How an Icelandic Volcano Shut Down Europe’s Airspace

Eyjafjallajökull Awakes

by Dinah Deckstein, Manfred Dworschak, Marco Evers, Cordula Meyer, Gerald Traufetter

Translated from the German by Ella Ornstein.
Der Spiegel
17 April 2010

The eruption of the Icelandic volcano Eyjafjallajökull has brought European aviation to a near-standstill in the worst disruptions since 9/11. Airlines are hemorrhaging money and tens of thousands of passengers are stranded. But if the weather had only been a little different, the whole crisis might never have happened

…While Eyjafjallajökull did nothing more within Iceland than cause a car bridge to collapse, it brought Europe’s aviation industry to its knees 2,000 kilometers (1,200 miles) away.

One volcano achieved what hurricanes, terrorists and flu viruses never managed — Heathrow, Paris, Frankfurt, Schiphol and all of Europe’s other major hubs came to a standstill on Friday afternoon. Airlines cancelled 17,000 flights, while Frankfurt and Amsterdam airports set up thousands of camp beds. Losses for airlines are estimated at up to a billion dollars.

German Chancellor Angela Merkel was forced to interrupt her flight home from a visit to the US, landing in Lisbon instead. A Medevac Airbus air ambulance carrying injured German soldiers home from Afghanistan only made it as far as Istanbul. And British comedian John Cleese of Monty Python fame found himself stuck in Oslo. He hired a taxi and was able to reach Brussels for a fee of €3,800 ($5,100).

“I’ve worked in the industry for 25 years, but this dwarfs anything else I’ve experienced up to now — even the events following September 11,” says Michael Garvens, director of Germany’s Cologne Bonn Airport. Stranded shipping containers are piling up where normally up to 50 FedEx, DHL and UPS cargo planes arrive every evening. The airport’s background noise is no longer roaring jet engines, but twittering birds…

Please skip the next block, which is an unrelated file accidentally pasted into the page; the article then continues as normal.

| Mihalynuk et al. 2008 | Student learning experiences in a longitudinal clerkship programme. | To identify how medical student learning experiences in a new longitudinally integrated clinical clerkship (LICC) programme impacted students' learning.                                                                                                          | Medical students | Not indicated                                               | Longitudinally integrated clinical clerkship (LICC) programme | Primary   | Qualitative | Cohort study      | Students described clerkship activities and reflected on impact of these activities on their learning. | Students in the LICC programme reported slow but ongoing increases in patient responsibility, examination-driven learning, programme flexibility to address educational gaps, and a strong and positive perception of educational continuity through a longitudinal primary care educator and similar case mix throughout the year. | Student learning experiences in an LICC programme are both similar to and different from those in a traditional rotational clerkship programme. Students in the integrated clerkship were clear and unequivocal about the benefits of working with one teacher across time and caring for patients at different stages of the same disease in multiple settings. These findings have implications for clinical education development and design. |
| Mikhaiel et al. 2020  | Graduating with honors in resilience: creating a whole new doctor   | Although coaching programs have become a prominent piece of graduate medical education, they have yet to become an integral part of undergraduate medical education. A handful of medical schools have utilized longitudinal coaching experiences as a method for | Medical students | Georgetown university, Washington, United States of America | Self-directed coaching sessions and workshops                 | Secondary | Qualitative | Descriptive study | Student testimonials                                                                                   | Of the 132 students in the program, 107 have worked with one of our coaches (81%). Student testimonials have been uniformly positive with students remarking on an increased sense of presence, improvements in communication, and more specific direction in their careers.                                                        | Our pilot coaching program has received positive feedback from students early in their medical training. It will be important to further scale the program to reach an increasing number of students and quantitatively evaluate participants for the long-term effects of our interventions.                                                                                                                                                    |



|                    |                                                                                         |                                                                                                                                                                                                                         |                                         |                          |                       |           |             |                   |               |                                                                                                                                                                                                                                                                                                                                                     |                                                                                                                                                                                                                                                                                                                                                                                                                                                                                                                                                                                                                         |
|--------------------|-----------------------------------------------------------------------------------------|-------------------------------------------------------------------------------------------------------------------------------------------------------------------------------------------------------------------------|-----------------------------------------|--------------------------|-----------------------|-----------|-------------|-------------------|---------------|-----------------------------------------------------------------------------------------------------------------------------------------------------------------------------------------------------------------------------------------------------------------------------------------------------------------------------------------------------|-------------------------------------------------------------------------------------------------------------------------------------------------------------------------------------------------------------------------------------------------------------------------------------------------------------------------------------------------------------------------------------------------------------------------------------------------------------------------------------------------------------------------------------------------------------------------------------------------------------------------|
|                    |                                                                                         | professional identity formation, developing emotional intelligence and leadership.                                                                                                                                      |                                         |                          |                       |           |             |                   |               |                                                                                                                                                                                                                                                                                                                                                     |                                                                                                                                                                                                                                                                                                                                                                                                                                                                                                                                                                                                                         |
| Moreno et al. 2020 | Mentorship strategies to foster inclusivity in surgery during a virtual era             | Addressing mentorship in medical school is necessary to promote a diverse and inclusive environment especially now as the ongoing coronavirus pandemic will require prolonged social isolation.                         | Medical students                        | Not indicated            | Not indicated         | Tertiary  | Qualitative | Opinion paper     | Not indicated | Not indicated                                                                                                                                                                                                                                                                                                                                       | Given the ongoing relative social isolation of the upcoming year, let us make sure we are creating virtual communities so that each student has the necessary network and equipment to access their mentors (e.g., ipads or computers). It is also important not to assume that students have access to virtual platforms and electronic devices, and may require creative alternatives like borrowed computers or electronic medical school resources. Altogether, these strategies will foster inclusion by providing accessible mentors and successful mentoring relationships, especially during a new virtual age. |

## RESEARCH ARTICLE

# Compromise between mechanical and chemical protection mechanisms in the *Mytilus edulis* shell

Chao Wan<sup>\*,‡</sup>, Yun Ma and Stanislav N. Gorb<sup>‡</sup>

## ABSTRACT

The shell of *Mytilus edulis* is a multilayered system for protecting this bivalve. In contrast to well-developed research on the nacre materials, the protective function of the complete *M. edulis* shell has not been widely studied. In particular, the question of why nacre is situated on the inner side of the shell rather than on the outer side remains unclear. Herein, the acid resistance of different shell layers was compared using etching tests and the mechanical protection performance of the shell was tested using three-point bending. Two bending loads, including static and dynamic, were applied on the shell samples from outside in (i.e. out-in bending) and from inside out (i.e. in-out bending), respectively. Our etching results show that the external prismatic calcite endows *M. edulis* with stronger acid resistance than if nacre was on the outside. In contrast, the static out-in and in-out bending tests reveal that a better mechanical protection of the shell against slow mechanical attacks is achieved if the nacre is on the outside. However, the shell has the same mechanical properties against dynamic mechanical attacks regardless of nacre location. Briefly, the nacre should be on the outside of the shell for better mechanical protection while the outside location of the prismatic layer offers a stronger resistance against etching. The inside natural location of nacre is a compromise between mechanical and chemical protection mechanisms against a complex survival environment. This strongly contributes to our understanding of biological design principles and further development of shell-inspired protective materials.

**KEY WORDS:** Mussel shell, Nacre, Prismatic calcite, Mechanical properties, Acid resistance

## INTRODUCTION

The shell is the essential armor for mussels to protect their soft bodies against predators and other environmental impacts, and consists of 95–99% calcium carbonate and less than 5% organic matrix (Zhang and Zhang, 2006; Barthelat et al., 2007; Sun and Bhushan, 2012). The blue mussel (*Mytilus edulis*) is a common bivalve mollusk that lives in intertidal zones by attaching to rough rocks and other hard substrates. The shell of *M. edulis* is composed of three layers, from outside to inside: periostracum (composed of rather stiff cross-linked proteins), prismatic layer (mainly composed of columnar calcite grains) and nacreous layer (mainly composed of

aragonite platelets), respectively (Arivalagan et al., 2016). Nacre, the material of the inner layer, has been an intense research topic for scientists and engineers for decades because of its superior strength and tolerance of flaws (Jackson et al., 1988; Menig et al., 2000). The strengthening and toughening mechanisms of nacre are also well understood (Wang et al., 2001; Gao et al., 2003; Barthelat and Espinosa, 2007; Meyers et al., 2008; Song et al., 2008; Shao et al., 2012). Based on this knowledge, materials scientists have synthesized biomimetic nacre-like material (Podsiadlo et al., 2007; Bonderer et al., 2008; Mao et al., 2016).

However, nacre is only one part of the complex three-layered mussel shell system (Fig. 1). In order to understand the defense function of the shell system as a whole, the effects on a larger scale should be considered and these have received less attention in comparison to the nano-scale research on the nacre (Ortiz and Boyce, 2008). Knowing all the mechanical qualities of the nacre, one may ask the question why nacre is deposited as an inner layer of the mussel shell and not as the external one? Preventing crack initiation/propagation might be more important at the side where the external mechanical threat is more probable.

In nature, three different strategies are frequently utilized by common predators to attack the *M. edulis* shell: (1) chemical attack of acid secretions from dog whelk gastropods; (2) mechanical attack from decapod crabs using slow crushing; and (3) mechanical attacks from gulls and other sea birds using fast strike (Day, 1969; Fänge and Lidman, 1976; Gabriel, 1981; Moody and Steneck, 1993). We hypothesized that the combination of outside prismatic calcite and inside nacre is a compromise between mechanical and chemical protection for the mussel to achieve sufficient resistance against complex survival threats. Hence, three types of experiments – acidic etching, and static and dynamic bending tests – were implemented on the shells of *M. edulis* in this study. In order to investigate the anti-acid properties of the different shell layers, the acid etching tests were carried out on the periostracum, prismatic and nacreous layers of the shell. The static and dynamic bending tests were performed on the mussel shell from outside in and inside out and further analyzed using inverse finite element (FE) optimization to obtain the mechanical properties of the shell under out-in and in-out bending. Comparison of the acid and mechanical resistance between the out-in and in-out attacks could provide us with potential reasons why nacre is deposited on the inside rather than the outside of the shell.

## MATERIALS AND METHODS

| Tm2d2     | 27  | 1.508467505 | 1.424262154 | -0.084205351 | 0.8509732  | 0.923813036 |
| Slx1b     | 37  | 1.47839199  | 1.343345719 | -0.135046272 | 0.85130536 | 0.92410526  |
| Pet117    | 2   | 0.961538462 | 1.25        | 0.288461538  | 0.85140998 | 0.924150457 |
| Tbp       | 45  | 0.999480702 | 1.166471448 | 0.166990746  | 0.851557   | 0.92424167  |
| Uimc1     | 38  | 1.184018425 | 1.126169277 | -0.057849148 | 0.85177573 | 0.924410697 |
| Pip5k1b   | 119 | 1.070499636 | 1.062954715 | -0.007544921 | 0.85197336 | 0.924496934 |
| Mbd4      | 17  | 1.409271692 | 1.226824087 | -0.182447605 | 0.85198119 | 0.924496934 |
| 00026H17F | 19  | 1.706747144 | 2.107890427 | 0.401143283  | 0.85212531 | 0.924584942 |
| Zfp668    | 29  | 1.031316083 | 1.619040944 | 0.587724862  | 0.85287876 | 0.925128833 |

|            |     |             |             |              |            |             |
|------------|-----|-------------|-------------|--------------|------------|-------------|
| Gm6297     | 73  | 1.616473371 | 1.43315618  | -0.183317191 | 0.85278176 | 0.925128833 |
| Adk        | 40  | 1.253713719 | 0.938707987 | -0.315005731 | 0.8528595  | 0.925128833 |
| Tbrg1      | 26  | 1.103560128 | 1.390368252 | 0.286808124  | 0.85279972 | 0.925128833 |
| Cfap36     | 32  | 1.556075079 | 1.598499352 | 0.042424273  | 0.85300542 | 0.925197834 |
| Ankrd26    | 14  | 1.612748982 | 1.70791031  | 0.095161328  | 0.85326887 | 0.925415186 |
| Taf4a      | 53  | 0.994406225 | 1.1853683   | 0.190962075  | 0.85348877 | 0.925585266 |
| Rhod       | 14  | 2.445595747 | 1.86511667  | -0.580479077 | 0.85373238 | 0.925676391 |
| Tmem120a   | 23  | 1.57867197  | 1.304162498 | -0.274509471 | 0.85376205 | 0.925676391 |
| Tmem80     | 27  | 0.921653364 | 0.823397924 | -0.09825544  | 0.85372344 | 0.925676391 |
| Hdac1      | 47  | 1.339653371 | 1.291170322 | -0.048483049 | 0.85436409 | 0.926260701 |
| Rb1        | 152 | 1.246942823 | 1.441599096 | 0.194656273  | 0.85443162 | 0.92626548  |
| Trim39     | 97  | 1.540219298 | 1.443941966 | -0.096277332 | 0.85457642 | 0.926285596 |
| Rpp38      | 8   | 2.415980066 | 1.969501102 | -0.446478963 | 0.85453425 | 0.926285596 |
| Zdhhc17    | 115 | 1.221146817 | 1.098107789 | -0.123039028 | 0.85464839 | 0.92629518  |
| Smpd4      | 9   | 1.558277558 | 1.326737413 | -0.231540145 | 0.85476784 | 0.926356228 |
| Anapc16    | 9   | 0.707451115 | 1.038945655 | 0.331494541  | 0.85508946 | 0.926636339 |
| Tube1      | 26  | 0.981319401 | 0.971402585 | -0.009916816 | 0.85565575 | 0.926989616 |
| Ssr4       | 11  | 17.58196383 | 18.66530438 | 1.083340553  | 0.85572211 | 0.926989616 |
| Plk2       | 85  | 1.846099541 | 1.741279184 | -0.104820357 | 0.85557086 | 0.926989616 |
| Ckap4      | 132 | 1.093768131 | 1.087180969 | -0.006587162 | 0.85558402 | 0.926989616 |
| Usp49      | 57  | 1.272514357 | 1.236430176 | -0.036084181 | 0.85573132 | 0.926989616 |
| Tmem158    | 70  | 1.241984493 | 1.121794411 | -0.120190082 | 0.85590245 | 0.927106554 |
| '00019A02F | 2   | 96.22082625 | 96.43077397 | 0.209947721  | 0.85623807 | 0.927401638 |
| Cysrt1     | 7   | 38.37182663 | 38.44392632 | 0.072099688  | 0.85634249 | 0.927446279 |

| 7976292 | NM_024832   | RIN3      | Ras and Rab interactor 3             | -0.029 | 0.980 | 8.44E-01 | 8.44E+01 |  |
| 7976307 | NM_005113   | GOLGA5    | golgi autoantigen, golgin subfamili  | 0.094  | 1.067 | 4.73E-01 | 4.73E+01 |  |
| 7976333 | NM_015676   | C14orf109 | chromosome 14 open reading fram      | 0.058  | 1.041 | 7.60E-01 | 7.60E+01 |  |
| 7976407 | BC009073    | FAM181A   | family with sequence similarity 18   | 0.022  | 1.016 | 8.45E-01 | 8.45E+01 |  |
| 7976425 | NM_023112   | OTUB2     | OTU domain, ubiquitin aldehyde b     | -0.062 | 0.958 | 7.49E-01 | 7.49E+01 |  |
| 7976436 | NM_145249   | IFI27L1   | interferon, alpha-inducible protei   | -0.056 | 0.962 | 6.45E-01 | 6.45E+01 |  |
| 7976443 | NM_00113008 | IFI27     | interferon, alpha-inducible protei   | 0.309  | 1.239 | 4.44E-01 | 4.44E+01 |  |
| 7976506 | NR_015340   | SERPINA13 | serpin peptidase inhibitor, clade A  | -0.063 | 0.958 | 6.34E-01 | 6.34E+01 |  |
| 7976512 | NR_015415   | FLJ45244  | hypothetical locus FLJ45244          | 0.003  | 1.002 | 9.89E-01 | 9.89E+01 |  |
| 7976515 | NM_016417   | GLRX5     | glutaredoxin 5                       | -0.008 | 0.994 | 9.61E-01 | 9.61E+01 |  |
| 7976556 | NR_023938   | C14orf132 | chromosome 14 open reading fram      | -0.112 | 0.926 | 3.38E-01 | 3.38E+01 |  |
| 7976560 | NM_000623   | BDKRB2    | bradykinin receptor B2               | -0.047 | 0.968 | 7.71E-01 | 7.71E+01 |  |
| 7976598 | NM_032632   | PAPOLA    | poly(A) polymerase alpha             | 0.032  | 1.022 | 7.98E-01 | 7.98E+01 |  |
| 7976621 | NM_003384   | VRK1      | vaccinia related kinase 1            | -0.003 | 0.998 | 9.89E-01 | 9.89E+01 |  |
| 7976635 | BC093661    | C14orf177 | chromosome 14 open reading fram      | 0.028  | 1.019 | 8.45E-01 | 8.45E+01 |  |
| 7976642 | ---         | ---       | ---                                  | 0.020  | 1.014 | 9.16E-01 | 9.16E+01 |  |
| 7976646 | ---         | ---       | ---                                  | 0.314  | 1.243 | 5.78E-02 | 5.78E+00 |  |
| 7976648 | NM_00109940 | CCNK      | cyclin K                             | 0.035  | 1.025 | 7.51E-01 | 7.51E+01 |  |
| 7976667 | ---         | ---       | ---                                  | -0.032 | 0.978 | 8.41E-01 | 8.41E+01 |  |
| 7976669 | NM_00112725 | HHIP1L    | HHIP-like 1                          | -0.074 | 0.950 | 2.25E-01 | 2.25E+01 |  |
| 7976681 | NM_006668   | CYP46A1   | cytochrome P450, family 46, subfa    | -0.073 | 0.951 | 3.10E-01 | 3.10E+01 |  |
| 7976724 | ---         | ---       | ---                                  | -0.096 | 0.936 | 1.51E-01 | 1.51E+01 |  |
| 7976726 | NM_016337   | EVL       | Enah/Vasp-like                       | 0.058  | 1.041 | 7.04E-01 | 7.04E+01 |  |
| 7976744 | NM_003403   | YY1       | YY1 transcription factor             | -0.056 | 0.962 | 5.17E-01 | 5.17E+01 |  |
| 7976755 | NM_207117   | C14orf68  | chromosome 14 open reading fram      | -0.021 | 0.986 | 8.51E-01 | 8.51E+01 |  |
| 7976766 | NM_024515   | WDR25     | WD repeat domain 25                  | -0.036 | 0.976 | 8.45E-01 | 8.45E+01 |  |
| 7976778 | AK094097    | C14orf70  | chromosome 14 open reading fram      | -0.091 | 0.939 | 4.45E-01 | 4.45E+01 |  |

…This forced shutdown hit the air freight industry at the worst possible time. Many airlines reduced their capacity in the course of the global financial crisis. But after the economy recovered surprisingly quickly, especially in Asia, transport capacity was suddenly tight.

Cell phones and computers were piling up in Hong Kong and Shanghai late this week. Global transportation company Kühne + Nagel is desperately looking for temporary storage space.

Companies everywhere are taking precautions against a worst-case scenario. German engineering giant Siemens used some of the last planes in the air to stock up its replacement parts storage facility in Mississippi, to ensure supplies for clinics and hospitals in the US. Logistics experts at automaker BMW brooded over how they will transport leather seat covers from South Africa to Bavaria if the situation intensifies.

Spouting Ash

It all began midday on Wednesday, when a telephone rang in Exeter, southern England. Icelandic meteorologists were calling to inform their British colleagues at the Met Office, the United Kingdom’s national weather service, that Eyjafjallajökull was spouting ash and a cloud of volcanic dust was blowing eastward from Iceland…

…Weather also conspired against Europe. Just as the volcano was erupting, the North Atlantic jet stream was passing over Iceland from the northwest, carrying myriad sharp-edged particles on a collision course with Europe’s air fleets. “It’s as if it’s jinxed,” says Helmut Malewski, who is tracking the ash cloud at Germany’s National Meteorological Service’s central forecasting office. “The wind blew from the east all winter. But just now, when the volcano goes active, it blows from the northwest.” Dryness was another factor. “One strong rainstorm over the North Sea would have washed out the ash and helped us dramatically,” Malewski says.

Disrupting the Climate

Still, things could have been a lot worse. In the past, volcanoes have disrupted the Earth’s climate again and again. After the eruption of Mount Pinatubo in the Philippines in 1991, average global temperatures cooled by half a degree Celsius. Volcanoes are also the suspected culprits behind the mini ice age that occurred during the 17th and 18th centuries…

The complete article, with a photo gallery, continues at Der Spiegel.

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